The Tulip is a member of the Lily (Liliaceae) family of flowering plants. They are perennial bulbous plants growing to 4–27 in. in height, with a small number of strap-shaped, waxy-textured, green leaves and large flowers with six petals. They are one of the most recognizable inhabitants of the Conservatory Garden and come in a wide variety of brilliant colors.
The word tulip, which earlier in English appeared in such forms as tulipa or tulipant, came to us by way of French tulipe and its obsolete form tulipan or by way of Modern Latin tul?pa, from Ottoman Turkish tülbend, “muslin, gauze.” (The English word turban, first recorded in English in the 16th century, can also be traced to Ottoman Turkish tülbend. Who knew.)
While Tulips are known the world over for their poised beauty they are also infamous for being the cause of one of the first known stock exchange disasters. Between 1623 and 1637, the early enthusiasm for the new flowers triggered a speculative frenzy now known as the tulip mania and tulip bulbs were then considered a form of currency. In 1623, a single bulb of a famous tulip variety could cost as much as a thousand Dutch florins (the average yearly income at the time was 150 florins). Tulips were also exchanged for land, valuable livestock, and houses. Allegedly, a good trader could earn six thousand florins a month. By 1635, a sale of 40 bulbs for 100,000 florins was recorded. By way of comparison, a ton of butter cost around 100 florins and “eight fat swine” 240 florins. A record was the sale of the most famous bulb, the Semper Augustus, for 6,000 florins in Haarlem.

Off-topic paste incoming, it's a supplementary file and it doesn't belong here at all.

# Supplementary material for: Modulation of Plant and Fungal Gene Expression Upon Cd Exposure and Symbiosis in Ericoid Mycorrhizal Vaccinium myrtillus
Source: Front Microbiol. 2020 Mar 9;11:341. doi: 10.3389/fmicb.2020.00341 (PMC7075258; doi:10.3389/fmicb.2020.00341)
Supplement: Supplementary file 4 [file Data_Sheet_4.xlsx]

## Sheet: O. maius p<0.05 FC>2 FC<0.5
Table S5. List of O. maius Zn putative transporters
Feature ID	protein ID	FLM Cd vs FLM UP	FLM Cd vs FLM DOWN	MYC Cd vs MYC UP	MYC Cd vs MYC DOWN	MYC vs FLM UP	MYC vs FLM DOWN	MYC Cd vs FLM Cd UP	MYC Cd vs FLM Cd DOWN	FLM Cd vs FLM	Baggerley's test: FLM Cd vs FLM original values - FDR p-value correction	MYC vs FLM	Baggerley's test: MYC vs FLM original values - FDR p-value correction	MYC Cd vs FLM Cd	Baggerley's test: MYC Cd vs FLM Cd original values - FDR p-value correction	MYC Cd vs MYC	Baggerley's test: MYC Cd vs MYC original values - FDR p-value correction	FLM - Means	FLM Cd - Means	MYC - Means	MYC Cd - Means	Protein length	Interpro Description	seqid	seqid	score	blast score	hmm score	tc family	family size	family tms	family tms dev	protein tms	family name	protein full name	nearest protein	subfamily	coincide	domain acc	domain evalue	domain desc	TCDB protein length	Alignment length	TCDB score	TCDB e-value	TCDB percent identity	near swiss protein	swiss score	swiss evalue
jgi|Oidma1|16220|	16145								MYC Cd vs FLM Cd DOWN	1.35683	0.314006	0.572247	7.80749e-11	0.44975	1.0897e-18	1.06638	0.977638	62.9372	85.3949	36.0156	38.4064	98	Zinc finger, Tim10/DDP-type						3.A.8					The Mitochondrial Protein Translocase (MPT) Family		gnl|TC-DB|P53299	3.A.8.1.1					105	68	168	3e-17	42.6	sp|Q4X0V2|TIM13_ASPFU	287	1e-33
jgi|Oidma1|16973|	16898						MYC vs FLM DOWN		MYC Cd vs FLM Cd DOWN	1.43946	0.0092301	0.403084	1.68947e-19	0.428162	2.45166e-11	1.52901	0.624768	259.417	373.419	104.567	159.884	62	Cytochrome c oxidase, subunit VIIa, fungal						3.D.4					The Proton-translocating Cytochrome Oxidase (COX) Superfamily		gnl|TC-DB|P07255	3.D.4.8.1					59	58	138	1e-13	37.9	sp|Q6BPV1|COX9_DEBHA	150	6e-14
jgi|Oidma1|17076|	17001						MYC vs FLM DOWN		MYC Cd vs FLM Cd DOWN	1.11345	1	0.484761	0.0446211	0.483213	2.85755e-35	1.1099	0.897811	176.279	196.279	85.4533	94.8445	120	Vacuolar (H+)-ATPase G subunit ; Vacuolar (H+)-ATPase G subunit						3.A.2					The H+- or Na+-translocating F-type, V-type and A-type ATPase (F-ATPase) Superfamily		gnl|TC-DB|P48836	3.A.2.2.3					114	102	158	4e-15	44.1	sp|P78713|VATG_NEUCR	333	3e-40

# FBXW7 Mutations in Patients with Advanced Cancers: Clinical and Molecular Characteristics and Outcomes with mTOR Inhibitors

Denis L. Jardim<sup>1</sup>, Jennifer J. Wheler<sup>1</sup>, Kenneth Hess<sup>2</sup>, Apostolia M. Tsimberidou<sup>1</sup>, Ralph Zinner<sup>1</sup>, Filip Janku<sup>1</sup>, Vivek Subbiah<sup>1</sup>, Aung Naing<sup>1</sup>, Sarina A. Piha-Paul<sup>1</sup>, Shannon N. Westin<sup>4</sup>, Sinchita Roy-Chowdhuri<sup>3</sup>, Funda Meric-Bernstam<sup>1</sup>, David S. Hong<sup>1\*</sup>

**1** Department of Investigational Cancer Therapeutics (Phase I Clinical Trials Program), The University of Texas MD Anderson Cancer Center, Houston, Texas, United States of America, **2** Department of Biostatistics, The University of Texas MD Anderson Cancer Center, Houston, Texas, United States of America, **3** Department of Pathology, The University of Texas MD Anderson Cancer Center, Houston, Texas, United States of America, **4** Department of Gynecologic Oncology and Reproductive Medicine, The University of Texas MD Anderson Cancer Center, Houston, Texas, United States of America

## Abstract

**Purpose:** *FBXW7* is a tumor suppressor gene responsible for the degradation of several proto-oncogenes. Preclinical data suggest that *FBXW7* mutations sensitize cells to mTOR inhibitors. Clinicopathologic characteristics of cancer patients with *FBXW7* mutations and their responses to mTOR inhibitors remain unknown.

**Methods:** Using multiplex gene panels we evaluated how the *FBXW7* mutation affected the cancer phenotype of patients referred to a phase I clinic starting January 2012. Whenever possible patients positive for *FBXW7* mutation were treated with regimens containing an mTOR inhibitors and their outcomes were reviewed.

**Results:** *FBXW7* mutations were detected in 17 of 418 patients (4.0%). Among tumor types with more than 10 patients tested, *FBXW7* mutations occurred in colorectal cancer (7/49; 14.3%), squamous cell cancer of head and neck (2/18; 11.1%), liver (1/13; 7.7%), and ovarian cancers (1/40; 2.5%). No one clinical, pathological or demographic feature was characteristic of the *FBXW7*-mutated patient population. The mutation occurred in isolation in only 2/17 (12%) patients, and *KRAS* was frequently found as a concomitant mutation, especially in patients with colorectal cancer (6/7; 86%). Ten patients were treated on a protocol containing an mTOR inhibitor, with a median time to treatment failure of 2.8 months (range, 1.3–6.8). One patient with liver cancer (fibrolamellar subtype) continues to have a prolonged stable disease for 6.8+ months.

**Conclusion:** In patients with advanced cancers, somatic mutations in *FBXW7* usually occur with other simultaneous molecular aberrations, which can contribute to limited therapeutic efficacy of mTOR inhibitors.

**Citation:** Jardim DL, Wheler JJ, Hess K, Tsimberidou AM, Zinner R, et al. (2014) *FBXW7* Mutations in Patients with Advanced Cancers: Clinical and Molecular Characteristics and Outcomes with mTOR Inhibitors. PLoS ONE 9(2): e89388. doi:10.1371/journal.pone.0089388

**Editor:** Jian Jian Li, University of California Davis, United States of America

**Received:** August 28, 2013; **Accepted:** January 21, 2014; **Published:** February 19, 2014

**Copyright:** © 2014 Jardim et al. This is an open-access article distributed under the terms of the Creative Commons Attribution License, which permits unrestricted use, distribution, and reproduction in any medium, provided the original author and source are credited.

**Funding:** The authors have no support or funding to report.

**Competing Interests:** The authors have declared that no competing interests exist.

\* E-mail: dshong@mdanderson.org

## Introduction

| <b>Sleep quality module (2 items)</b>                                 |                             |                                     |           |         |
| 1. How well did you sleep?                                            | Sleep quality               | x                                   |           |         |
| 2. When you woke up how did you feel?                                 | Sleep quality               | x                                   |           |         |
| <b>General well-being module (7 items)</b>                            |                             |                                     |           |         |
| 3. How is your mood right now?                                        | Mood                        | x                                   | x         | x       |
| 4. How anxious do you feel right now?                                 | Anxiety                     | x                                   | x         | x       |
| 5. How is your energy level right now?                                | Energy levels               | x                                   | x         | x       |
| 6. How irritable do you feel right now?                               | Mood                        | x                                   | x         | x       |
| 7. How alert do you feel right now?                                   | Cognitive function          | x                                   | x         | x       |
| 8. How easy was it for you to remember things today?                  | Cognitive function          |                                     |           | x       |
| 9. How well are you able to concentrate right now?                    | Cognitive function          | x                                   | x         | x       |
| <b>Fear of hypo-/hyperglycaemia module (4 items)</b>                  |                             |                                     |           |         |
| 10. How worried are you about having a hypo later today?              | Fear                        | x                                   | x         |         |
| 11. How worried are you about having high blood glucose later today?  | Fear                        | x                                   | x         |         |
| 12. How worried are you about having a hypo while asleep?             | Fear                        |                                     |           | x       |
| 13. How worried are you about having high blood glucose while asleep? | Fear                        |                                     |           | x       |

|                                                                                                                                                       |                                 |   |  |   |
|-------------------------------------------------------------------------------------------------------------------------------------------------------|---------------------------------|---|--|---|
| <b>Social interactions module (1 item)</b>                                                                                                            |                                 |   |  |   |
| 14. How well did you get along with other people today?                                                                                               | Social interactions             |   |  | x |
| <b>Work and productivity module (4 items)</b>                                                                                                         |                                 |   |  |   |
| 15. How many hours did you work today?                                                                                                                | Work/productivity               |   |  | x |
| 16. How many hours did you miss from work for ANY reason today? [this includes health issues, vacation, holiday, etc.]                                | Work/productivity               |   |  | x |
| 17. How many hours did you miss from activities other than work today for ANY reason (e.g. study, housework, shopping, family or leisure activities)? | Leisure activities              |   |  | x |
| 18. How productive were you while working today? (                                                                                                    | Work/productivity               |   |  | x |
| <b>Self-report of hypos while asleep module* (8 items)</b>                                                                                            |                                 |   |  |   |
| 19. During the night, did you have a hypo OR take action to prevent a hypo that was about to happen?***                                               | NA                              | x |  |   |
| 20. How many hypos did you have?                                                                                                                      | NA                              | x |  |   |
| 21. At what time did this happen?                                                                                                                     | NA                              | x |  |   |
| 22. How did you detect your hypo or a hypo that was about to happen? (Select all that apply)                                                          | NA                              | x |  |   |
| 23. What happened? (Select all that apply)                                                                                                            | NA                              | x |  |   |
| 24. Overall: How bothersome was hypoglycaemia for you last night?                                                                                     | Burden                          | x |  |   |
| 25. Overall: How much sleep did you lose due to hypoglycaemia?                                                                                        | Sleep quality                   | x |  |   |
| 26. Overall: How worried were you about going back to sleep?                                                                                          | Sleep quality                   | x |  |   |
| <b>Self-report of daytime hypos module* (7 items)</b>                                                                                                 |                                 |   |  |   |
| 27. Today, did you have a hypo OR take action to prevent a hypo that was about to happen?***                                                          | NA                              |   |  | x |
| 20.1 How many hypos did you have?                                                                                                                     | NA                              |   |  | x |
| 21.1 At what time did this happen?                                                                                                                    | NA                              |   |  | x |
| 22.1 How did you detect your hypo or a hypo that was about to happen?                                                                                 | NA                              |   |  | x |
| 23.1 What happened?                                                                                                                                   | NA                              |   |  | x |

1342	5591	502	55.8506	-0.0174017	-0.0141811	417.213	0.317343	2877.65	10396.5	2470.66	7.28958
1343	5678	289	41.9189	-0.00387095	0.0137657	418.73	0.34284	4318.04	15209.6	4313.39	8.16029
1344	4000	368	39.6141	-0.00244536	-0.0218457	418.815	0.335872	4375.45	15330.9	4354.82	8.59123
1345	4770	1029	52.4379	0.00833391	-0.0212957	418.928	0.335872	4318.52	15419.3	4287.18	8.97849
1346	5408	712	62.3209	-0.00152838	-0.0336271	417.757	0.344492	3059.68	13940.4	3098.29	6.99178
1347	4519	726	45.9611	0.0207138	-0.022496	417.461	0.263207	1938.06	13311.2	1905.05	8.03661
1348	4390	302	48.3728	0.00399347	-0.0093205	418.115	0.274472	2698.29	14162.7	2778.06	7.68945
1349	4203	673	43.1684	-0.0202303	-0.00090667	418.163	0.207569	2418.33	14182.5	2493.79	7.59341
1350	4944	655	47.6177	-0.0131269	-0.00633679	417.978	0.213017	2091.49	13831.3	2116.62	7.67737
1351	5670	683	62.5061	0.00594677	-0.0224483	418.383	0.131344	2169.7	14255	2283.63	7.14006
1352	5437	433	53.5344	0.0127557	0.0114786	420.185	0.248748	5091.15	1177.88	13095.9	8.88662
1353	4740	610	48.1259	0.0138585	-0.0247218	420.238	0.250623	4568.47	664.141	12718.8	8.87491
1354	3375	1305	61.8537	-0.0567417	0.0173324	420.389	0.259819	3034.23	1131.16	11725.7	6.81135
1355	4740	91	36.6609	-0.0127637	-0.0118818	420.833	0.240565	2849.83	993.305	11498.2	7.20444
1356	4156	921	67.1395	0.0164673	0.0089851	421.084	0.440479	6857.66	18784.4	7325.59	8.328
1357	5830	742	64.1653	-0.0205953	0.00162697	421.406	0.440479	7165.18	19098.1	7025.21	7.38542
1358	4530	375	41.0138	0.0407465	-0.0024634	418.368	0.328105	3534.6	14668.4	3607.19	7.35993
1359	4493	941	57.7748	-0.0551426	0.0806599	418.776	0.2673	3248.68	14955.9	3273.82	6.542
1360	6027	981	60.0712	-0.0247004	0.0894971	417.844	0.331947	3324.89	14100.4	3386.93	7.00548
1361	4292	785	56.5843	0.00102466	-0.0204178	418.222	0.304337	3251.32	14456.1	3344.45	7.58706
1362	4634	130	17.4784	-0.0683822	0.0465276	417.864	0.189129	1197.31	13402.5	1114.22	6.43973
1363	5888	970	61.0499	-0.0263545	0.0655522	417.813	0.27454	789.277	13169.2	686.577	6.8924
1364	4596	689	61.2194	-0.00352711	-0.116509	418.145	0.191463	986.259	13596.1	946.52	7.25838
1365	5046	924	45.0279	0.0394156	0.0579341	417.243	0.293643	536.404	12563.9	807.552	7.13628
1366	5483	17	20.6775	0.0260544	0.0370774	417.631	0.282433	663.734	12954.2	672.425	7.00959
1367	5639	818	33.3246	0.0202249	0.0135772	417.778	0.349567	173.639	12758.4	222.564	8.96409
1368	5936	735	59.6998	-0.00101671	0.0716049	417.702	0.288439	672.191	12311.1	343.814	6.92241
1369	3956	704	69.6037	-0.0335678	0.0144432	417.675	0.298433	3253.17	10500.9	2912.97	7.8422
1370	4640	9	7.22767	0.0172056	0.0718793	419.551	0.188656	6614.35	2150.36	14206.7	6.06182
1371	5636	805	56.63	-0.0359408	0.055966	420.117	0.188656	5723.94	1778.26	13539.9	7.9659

In February 1637 tulip traders could no longer get inflated prices for their bulbs, and they began to sell. The bubble, as they say, burst. People began to suspect that the demand for tulips could not last, and as this spread a panic developed. Some were left holding contracts to purchase tulips at prices now ten times greater than those on the open market, while others found themselves in possession of bulbs now worth a fraction of the price they had paid. Allegedly, thousands of Dutch, including businessmen and dignitaries, were financially ruined.
It would seem fitting than that this extraordinarily beautiful flower find a new life in New York where so many have come to begin anew. There is a second act in the Conservatory Garden.
One of the hidden wonders of Central Park is the Conservatory Garden at Fifth Avenue and 105th St. A secluded oasis, just a few steps down from one of the City’s busiest thoroughfares; the garden offers a fragrant respite from the gasp and clatter of the urban afternoon.